When I moved two hours north to a Mediterranean seaside climate (lows of 11°C to 1°C, but typically 5° warmer than my hometown), the hem extension was excess to ankle warmth requirements, so I removed it, which also made my more active life easier.

A short, store-bought chemise is sufficient now, but I still wear merino socks, and the leg warmers if it's a very cold day.

I don't need the sheepskin slippers now (which is a relief, because the wool was wearing thin and the price had risen by NZ$100). A second pair of socks is sufficient indoors.
There are three places I typically wear this dress.

It's great on a beach excursion, for which I wear two pairs of socks inside my aerated crosstrainers, or rubber boots if I'm planning to get damp feet. The hem is weighty enough that I'm not worried about the wind blowing it up around my waist.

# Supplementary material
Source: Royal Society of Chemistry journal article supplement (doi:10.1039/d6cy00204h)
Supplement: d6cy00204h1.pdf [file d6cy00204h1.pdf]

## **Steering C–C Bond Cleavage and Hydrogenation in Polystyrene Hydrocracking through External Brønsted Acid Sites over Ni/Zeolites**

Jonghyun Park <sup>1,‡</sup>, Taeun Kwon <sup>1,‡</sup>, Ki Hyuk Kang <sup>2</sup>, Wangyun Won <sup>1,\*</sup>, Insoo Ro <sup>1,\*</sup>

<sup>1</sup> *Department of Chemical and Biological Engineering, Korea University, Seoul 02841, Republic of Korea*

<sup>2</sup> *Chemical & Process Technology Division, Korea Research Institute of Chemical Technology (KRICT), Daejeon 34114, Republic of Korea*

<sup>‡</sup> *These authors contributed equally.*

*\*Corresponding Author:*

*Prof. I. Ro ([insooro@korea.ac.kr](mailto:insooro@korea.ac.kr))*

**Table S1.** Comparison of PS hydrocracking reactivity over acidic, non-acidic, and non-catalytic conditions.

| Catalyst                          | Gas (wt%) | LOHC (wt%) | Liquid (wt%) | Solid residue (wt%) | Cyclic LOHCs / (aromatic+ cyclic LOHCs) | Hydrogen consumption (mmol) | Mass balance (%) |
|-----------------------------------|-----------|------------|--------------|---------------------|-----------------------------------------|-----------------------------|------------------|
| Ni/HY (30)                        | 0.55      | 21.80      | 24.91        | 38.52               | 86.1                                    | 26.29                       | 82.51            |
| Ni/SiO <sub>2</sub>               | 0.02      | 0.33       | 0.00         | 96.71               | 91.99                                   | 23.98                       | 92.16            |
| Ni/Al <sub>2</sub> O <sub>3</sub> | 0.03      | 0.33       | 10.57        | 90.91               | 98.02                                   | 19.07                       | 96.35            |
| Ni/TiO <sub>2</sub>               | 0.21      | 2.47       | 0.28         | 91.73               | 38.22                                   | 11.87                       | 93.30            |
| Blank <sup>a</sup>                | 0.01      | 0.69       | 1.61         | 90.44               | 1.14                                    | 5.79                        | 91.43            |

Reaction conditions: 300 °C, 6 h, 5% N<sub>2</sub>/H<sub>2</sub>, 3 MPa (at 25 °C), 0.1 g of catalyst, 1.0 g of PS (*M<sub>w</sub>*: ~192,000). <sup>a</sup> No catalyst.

The same garb works for a visit to my neighbours in their unheated, uninsulated house, where I sit on the floor to play with their young children. The dress hem is full enough that it doesn't impede my movements. With my shoes off, I'm very grateful for the wool leg warmers.

The dress is a flexible style. I also wear it to meetings. It's easy to elevate it from casual to smart by changing the jacket and the footwear, and adding some pretty accessories.

Further Layering Tips

Five other ways to keep your legs warm

  • wool or thick denier nylon stockings
  • wool or cotton knit leggings (footless tights)
  • thermal leggings (long underwear)
  • wool or cotton knee-length socks
  • fleece track pants

Now you know eleven ways to keep your lower limbs more comfortable in winter.

Look out for more Boutique Narelle posts detailing liberating modest fashion techniques.

Fiat lux!

Friday, July 3, 2020

Nifty Navy Chop: Smart Fashion Tricks for Modest Women on a Budget

Dress Upcycling Technique #5

This summer I've been reminded of a key to dressing well on a small budget:

As long as fabric endures in good health, it holds possibility as wearable and a potential money saver.